On June 19, the country celebrates Juneteenth, a holiday that commemorates the day the Emancipation Proclamation reached the last people still enslaved in Texas in 1865.
The Juneteenth holiday is celebrated with block parties, cookouts, and educational, art, and music events.
The outcry of racial justice supported largely by the Black Lives Matter movement after the killings of George Floyd, Breonna Taylor, and other Black Americans changed the significance of the holiday in 2020.
The protest movement sparked an increased dialogue around systemic racism and police brutality. Companies including Nike, Twitter, and Uber celebrated the holiday by giving employees paid days off.
In 2021, President Joe Biden signed a bill officially recognizing Juneteenth as a federal holiday.
Here’s what you need to know about Juneteenth and the celebrations taking place this year.
What is Juneteenth?
Juneteenth celebrates the anniversary date of the June 19, 1865 announcement by Union Army general Gordon Granger proclaiming freedom from slavery in Texas.
Although Abraham Lincoln’s Emancipation Proclamation officially outlawed slavery in Texas and other states that rebelled against the Union nearly two and a half years earlier, it could not be enforced in places still under Confederate control.
It took more than two years for approximately 250,000 Texan slaves to learn their freedom had been secured by the government. Texas was the last Confederate state to have the proclamation announced.
More than 150 years later, all 50 states and the District of Columbia officially recognize Juneteenth as a statewide holiday. In 2022, South Dakota became the last state to recognize Juneteenth. Although it only became a federal holiday last year, the day has been celebrated by Black Americans since the late 1800s.
What is the Juneteenth Flag?
The original Juneteenth flag was created in 1997 by Ben Haith, the founder of the National Juneteenth Celebration Foundation. The red and blue colors were deliberately chosen to symbolize unity between Black Americans and the United States.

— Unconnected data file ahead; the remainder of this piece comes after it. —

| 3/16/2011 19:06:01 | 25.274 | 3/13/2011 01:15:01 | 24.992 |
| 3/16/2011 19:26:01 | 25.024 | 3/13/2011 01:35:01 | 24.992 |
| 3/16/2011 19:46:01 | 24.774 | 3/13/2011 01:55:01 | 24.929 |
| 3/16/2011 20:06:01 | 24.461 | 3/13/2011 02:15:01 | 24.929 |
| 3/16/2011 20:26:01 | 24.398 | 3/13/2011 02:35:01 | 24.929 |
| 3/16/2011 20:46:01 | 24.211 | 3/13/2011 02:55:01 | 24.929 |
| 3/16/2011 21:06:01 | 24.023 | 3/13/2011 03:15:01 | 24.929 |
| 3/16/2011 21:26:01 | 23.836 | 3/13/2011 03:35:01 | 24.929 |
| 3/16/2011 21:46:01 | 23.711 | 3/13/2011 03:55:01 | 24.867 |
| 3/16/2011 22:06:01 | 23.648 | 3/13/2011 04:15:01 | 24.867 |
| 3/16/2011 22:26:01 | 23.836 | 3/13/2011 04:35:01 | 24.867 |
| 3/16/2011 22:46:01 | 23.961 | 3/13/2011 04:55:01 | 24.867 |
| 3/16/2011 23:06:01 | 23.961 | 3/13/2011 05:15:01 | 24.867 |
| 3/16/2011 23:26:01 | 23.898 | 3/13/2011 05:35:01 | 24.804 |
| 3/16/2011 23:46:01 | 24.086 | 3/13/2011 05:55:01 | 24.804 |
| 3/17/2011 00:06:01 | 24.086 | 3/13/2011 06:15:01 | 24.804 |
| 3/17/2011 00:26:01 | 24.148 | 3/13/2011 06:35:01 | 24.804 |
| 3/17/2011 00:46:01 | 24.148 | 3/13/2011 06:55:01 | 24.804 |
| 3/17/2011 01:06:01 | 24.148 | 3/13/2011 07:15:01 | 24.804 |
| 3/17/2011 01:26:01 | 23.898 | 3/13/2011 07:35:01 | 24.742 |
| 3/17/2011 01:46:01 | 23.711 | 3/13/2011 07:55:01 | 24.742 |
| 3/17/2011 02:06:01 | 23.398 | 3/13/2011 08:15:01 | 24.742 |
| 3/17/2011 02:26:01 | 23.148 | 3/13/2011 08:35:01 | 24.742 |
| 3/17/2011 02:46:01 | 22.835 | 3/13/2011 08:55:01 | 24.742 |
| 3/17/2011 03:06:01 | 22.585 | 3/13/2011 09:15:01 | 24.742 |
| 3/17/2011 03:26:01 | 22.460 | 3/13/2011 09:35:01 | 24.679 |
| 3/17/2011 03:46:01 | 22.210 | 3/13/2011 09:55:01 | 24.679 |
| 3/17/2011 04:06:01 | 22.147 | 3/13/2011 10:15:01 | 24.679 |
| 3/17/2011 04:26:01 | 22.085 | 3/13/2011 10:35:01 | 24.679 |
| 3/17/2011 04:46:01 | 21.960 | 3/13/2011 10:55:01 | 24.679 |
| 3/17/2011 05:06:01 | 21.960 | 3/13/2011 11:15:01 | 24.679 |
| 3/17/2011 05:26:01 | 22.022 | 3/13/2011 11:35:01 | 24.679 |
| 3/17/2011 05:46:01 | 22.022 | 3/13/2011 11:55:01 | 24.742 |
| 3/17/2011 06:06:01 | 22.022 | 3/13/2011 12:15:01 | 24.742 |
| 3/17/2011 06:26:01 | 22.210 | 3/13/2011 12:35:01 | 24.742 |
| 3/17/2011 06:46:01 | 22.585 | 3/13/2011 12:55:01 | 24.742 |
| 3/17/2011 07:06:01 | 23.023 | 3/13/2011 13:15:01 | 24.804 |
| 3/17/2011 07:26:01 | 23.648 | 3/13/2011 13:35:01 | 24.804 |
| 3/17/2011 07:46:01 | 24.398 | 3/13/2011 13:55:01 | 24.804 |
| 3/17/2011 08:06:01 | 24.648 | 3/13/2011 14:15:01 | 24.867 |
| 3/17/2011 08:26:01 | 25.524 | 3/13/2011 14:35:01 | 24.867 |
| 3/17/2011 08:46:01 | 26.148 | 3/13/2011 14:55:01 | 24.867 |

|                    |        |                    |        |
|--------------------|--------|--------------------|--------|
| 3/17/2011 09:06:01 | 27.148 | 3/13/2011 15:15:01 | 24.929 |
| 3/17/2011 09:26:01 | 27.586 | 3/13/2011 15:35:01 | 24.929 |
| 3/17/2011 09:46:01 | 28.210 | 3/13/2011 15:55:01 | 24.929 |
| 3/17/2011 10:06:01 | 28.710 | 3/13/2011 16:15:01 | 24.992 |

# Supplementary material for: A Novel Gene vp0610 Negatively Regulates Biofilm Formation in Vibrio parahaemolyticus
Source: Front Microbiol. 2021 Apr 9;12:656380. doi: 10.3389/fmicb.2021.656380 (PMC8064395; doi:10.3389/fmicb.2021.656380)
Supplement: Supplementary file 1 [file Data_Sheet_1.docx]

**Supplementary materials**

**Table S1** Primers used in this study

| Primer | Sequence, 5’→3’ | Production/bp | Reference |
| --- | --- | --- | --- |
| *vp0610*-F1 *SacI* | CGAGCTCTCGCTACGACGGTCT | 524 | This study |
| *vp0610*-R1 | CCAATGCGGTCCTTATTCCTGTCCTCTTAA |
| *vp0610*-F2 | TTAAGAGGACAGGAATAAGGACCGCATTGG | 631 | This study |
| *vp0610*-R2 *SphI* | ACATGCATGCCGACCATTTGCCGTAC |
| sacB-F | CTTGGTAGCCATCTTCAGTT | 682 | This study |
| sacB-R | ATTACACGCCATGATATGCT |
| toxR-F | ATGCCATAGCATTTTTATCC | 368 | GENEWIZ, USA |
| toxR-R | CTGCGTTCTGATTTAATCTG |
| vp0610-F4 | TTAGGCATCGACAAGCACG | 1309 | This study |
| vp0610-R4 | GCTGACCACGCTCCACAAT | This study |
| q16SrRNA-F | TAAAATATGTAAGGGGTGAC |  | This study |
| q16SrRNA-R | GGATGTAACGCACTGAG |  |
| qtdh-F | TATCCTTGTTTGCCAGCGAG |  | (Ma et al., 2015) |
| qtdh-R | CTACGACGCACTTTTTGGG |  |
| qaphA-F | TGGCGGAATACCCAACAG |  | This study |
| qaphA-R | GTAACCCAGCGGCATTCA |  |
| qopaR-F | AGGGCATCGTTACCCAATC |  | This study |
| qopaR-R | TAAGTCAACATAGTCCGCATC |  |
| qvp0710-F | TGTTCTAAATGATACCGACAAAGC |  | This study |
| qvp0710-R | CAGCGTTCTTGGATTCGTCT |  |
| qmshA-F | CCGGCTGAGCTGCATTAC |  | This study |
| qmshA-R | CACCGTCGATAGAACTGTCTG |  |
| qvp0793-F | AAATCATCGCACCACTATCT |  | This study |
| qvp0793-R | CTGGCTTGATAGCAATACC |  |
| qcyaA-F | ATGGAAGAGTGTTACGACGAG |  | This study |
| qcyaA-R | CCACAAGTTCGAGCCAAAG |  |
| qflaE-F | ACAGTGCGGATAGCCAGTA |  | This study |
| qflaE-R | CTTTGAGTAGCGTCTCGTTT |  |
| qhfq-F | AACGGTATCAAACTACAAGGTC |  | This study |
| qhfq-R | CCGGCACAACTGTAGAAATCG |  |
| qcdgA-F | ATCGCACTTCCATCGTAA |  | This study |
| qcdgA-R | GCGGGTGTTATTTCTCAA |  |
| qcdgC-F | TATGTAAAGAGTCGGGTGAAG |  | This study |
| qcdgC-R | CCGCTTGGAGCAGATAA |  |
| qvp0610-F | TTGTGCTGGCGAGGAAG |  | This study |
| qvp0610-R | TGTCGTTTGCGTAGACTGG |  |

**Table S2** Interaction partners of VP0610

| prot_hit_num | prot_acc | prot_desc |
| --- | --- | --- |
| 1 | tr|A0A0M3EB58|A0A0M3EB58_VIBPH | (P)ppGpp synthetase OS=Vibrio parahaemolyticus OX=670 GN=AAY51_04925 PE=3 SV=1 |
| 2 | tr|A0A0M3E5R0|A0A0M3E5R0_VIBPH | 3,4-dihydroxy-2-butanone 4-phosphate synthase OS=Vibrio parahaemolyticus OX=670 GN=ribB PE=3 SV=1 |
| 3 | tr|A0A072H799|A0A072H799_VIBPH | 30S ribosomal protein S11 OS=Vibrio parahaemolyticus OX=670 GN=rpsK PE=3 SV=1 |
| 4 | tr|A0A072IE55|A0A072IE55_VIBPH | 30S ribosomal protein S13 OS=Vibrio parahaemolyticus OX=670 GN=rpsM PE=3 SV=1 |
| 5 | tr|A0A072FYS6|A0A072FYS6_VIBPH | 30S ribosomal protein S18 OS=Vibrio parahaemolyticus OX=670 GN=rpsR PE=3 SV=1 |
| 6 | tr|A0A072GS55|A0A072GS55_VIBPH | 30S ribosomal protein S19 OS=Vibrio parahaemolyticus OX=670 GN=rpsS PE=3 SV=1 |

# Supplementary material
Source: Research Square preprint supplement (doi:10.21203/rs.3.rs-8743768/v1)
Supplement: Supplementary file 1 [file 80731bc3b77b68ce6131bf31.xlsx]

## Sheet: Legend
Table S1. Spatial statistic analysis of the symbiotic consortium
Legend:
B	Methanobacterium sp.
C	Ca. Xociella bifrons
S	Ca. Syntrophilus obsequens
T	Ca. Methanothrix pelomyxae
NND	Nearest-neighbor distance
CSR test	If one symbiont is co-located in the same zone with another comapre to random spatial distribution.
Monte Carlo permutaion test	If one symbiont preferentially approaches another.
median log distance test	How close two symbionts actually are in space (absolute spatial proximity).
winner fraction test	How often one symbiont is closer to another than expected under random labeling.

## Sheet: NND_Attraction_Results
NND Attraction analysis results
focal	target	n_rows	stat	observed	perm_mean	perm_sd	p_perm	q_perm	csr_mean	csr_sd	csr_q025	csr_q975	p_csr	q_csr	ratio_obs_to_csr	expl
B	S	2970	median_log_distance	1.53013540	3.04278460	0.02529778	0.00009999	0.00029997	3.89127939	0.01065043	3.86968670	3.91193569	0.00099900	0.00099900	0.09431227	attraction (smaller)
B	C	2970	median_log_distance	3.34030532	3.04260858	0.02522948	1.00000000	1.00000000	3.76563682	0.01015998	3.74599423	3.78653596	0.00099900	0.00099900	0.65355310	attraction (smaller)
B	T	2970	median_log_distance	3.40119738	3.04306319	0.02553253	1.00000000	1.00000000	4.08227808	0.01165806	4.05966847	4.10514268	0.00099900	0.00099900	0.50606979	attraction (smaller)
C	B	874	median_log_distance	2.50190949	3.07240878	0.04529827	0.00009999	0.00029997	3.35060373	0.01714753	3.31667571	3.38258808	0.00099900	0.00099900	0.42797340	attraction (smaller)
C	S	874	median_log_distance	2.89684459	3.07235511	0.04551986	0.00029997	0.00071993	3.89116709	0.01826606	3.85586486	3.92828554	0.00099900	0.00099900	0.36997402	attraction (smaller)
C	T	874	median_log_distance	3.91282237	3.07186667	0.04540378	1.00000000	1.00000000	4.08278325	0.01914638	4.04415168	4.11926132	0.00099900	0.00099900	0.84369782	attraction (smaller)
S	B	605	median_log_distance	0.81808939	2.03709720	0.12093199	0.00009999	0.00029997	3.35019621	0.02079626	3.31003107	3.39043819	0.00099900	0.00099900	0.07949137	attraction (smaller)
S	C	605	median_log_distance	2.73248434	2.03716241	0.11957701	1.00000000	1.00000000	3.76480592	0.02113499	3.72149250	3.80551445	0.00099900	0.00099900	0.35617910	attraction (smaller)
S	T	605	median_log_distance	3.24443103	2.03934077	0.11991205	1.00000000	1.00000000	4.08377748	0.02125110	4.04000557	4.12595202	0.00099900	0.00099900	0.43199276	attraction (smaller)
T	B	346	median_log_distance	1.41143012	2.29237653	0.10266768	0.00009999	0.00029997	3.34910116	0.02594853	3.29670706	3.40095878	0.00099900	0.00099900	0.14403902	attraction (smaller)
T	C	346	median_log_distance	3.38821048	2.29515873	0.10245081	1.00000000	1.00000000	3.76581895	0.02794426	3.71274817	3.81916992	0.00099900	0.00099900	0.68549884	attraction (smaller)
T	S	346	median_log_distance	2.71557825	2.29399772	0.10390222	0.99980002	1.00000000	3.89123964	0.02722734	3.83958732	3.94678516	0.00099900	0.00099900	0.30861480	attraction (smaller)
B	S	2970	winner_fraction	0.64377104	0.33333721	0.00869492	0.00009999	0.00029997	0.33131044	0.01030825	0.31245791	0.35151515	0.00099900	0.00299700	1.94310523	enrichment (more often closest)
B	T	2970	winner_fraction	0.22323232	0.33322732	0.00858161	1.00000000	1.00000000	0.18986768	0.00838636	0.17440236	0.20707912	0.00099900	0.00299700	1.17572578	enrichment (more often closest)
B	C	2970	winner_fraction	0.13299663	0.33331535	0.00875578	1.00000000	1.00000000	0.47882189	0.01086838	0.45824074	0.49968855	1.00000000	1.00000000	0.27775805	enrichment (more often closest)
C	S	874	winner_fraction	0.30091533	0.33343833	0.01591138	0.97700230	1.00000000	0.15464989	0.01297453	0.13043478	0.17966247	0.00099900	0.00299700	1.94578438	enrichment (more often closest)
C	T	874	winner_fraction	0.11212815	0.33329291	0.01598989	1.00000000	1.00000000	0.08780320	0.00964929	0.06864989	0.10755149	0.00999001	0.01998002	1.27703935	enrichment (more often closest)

The white outlined star in the middle of the flag is another call to the United States flag, and the arc represents the new horizon and opportunities for Black communities, according to the National Juneteenth Observance Foundation.
What celebrations are taking place?
Across the country, people are celebrating Juneteenth with celebrations, community gatherings, music, and powerful tributes to Black leaders of the past and present.
New York has announced its annual Juneteenth 3-day summit, with this year's theme "Unity in the Black Family Unit," and features performers, education activities for children and much more. In addition, there are events planned across all five boroughs of the city.
The Smithsonian's National Museum of African American Culture and History in Washington D.C. will also hold a series of public forums on the history and significance of Juneteenth and stories that celebrate Black leaders throughout history.
How to celebrate Juneteenth at home
There are many ways to celebrate the holiday right from home. In addition to donating to organizations, you can support Black-owned businesses, listen to Black artists, or read books written by Black poets and authors to contribute to the conversation of race and equality.